Abstract-Eye tracking is a powerful mean for assistive technologies for people with movement disorders, paralysis and amputees. We present a highly intuitive eye tracking-controlled robot arm operating in 3-dimensional space based on the user's gaze target point that enables tele-writing and drawing. The usability and intuitive usage was assessed by a "tele"writing experiment with 8 subjects that learned to operate the system within minutes of first time use. These subjects were naive to the system and the task and had to write three letters on a white board with a white board pen attached to the robot arm's endpoint. The instructions are to imagine they were writing text with the pen and look where the pen would be going, they had to write the letters as fast and as accurate as possible, given a letter size template. Subjects were able to perform the task with facility and accuracy, and movements of the arm did not interfere with subjects ability to control their visual attention so as to enable smooth writing. On the basis of five consecutive trials there was a significant decrease in the total time used and the total number of commands sent to move the robot arm from the first to the second trial but no further improvement thereafter, suggesting that within writing 6 letters subjects had mastered the ability to control the system. Our work demonstrates that eye tracking is a powerful means to control robot arms in closed-loop and real-time, outperforming other invasive and non-invasive approaches to Brain-MachineInterfaces in terms of calibration time (<2 minutes), training time (<10 minutes), interface technology costs. We suggests that gaze-based decoding of action intention may well become one of the most efficient ways to interface with robotic actuators -i.e. Brain-Robot-Interfaces -and become useful beyond paralysed and amputee users also for the general teleoperation of robotic and exoskeleton in human augmentation.
Eye-movements are the only directly observable behavioural signals that are highly correlated with actions at the task level, and proactive of body movements and thus reflect action intentions. Moreover, eye movements are preserved in many movement disorders leading to paralysis (or amputees) from stroke, spinal cord injury, Parkinson's disease, multiple sclerosis, and muscular dystrophy among others. Despite this benefit, eye tracking is not widely used as control interface for robotic interfaces in movement impaired patients due to poor human-robot interfaces. We demonstrate here how combining 3D gaze tracking using our GT3D binocular eye tracker with custom designed 3D head tracking system and calibration method enables continuous 3D end-point control of a robotic arm support system. The users can move their own hand to any location of the workspace by simple looking at the target and winking once. This purely eye tracking based system enables the end-user to retain free head movement and yet achieves high spatial end point accuracy in the order of 6 cm RMSE error in each dimension and standard deviation of 4 cm. 3D calibration is achieved by moving the robot along a 3 dimensional space filling Peano curve while the user is tracking it with their eyes. This results in a fully automated calibration procedure that yields several thousand calibration points versus standard approaches using a dozen points, resulting in beyond state-of-the-art 3D accuracy and precision.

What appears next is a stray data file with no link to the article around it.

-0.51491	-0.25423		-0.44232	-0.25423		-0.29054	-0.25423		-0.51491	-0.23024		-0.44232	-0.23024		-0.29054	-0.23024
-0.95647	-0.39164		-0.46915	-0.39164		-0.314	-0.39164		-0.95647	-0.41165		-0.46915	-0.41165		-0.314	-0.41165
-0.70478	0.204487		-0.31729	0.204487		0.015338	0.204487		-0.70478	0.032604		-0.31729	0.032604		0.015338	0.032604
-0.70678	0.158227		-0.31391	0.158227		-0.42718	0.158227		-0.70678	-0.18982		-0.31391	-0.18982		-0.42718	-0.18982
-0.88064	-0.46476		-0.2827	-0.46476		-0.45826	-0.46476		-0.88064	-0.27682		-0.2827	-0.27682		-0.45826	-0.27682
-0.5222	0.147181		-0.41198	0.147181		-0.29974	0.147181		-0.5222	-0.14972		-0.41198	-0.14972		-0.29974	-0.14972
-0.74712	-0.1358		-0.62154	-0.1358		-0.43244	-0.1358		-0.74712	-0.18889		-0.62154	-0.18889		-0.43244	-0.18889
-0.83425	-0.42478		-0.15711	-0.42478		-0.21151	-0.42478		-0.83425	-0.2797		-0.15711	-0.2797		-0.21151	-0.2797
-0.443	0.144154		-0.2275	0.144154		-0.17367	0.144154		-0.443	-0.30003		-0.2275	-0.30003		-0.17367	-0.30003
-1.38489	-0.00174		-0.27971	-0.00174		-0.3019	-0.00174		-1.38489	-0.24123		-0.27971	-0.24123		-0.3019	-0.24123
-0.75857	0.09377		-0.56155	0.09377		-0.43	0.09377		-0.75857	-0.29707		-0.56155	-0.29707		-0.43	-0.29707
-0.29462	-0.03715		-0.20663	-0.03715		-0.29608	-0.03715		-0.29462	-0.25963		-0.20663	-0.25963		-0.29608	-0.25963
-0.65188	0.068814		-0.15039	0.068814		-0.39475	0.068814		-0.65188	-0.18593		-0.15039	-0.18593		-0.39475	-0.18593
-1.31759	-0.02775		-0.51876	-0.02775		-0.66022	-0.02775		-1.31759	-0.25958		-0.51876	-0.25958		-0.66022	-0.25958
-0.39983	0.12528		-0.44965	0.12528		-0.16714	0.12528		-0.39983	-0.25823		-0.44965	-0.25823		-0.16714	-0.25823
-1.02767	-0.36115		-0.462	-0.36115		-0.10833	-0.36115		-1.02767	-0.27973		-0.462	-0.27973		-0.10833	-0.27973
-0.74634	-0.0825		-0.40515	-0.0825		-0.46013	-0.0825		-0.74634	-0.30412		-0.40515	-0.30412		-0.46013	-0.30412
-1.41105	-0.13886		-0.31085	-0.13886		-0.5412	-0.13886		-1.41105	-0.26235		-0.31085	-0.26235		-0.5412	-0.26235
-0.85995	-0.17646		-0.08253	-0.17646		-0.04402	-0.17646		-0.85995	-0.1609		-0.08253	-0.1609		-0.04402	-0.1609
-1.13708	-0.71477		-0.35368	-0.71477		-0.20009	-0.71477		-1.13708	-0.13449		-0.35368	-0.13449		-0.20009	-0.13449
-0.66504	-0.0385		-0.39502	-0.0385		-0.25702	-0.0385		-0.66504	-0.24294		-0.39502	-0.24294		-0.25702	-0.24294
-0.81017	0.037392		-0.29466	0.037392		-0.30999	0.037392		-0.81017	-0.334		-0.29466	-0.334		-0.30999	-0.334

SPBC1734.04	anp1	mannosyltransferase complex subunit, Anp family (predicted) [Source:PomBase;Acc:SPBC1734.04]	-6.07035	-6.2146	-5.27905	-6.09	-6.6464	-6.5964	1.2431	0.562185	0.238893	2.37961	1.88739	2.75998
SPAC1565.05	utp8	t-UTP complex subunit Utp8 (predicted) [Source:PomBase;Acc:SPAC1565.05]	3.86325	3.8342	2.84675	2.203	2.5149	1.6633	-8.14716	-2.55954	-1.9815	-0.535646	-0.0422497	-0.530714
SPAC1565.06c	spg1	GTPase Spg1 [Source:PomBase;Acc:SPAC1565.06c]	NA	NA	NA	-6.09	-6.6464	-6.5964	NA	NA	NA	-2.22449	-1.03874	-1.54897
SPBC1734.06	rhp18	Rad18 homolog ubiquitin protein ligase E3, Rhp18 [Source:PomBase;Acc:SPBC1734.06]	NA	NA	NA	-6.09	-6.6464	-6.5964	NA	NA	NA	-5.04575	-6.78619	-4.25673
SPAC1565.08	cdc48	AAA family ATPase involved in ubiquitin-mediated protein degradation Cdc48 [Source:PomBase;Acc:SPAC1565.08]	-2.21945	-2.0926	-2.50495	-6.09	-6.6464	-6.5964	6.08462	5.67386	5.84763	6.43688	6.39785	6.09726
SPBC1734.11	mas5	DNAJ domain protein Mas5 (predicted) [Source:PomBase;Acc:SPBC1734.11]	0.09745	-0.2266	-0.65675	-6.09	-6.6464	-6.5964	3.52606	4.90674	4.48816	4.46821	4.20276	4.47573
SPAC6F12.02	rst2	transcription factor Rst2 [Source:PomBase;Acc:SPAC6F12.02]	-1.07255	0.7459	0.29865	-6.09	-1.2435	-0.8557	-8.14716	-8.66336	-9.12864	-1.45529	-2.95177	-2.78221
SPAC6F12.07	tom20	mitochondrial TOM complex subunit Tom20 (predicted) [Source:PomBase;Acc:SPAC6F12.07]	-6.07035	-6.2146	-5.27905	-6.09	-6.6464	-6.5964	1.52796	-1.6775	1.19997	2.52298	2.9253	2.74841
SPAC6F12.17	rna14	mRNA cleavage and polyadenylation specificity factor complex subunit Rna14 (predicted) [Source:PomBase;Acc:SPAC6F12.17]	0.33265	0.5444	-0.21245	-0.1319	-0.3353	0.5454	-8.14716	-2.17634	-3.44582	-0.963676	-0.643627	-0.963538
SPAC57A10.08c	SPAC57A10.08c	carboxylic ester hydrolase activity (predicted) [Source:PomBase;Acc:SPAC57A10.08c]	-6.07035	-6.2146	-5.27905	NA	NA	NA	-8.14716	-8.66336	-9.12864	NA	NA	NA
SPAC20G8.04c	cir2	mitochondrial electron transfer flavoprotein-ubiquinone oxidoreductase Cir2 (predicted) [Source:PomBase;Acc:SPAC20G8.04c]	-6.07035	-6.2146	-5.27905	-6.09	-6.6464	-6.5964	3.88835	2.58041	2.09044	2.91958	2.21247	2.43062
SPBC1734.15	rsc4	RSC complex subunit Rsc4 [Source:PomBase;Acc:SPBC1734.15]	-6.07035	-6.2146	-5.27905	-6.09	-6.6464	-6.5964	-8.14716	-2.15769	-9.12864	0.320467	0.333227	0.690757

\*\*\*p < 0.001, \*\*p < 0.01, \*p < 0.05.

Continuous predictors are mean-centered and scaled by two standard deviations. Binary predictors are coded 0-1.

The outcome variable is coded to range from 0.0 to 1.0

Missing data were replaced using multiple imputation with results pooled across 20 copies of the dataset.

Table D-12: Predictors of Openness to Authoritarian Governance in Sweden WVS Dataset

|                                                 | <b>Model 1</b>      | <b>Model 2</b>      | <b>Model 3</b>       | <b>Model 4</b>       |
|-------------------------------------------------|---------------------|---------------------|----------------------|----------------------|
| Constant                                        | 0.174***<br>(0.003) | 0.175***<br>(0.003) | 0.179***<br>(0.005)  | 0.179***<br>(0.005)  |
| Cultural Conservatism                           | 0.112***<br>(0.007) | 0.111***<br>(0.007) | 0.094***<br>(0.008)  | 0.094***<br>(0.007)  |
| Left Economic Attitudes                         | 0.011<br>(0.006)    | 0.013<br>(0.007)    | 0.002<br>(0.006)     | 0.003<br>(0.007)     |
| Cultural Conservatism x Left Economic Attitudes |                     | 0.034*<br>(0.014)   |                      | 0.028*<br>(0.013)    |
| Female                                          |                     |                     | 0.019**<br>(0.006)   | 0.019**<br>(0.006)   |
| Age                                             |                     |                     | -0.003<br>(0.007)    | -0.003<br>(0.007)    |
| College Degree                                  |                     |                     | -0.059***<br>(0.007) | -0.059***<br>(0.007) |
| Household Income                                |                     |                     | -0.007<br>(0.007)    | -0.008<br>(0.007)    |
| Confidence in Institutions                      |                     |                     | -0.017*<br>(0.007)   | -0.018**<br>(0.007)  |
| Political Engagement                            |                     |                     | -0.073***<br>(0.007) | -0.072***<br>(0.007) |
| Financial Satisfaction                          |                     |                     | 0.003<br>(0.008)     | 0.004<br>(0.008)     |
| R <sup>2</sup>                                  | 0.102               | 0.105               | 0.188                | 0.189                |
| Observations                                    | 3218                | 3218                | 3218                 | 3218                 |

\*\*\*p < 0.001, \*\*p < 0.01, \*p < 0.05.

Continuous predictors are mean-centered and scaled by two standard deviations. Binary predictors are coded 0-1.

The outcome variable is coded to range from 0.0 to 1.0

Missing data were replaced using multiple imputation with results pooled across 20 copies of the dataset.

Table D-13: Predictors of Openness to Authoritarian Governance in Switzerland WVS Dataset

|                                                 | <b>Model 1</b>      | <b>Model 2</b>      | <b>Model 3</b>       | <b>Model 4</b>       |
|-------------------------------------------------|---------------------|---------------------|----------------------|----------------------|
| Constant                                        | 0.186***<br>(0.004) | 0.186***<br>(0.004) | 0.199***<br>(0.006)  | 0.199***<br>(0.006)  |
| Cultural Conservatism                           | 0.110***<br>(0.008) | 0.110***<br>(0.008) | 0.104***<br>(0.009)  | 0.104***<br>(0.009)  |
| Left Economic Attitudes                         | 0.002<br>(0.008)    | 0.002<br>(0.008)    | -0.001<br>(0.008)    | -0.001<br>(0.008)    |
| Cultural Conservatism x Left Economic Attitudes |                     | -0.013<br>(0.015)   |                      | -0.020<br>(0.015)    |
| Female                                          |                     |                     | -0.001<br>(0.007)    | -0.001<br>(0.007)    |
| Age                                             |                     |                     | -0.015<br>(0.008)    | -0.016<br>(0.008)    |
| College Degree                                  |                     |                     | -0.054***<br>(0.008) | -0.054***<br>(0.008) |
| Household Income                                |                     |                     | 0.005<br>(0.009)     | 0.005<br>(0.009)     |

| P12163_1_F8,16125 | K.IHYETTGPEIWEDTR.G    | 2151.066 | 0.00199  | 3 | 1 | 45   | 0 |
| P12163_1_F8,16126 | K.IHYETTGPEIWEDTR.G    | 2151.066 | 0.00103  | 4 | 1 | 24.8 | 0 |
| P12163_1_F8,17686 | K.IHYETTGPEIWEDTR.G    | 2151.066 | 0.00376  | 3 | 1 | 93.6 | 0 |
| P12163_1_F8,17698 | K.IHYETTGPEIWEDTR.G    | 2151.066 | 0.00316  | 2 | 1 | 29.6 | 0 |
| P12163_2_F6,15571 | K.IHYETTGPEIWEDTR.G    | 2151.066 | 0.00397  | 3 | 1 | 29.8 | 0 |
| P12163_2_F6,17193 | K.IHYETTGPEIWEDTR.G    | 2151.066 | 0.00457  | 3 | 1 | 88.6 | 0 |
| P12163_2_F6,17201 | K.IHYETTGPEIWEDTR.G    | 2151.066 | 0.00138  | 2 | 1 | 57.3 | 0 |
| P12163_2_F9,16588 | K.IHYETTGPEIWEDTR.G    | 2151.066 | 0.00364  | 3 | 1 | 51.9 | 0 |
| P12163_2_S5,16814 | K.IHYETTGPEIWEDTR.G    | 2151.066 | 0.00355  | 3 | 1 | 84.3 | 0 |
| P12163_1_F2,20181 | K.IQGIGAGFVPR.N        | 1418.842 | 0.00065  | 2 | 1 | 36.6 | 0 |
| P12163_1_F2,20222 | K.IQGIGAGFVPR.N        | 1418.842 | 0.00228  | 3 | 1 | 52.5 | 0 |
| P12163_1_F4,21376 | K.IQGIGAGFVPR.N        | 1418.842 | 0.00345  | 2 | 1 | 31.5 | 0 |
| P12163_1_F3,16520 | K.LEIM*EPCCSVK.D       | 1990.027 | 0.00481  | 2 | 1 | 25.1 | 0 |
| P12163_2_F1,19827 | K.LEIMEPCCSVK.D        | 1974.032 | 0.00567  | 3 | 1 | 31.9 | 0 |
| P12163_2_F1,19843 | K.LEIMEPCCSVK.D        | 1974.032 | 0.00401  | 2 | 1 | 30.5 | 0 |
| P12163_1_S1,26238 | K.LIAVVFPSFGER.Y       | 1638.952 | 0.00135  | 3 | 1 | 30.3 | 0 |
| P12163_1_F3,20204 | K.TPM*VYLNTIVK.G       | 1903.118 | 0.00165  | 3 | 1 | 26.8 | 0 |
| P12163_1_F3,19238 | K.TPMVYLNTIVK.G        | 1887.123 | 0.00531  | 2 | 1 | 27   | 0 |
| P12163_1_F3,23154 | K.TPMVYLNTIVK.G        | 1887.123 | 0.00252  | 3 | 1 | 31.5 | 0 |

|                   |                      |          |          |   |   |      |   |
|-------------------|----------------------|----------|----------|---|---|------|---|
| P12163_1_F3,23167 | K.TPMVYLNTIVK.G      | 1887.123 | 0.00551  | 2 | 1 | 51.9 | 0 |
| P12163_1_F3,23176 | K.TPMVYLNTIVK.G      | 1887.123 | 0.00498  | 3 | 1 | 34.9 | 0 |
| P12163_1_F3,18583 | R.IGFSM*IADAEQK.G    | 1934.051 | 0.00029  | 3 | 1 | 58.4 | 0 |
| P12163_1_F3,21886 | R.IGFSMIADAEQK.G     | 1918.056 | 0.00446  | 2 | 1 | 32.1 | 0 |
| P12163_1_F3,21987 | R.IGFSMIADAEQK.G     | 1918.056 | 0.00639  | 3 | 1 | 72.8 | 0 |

The ability of robotic rehabilitation devices to support paralysed end-users is ultimately limited by the degree to which human-machine-interaction is designed to be effective and efficient in translating user intention into robotic action. Specifically, we evaluate the novel possibility of binocular eye-tracking technology to detect voluntary winks from involuntary blink commands, to establish winks as a novel low-latency control signal to trigger robotic action. By wearing binocular eye-tracking glasses we enable users to directly observe their environment or the actuator and trigger movement actions, without having to interact with a visual display unit or user interface. We compare our novel approach to two conventional approaches for controlling robotic devices based on electromyo-graphy (EMG) and speech-based human-computer interaction technology. We present an integrated software framework based on ROS that allows transparent integration of these multiple modalities with a robotic system. We use a soft-robotic SEM glove (Bioservo Technologies AB, Sweden) to evaluate how the 3 modalities support the performance and subjective experience of the end-user when movement assisted. All 3 modalities are evaluated in streaming, closed-loop control operation for grasping physical objects. We find that wink control shows the lowest error rate mean with lowest standard deviation of (0.23 ± 0.07, mean ± SEM) followed by speech control (0.35 ± 0. 13) and EMG gesture control (using the Myo armband by Thalamic Labs), with the highest mean and standard deviation (0.46 ± 0.16). We conclude that with our novel own developed eye-tracking based approach to control assistive technologies is a well suited alternative to conventional approaches, especially when combined with 3D eye-tracking based robotic end-point control.
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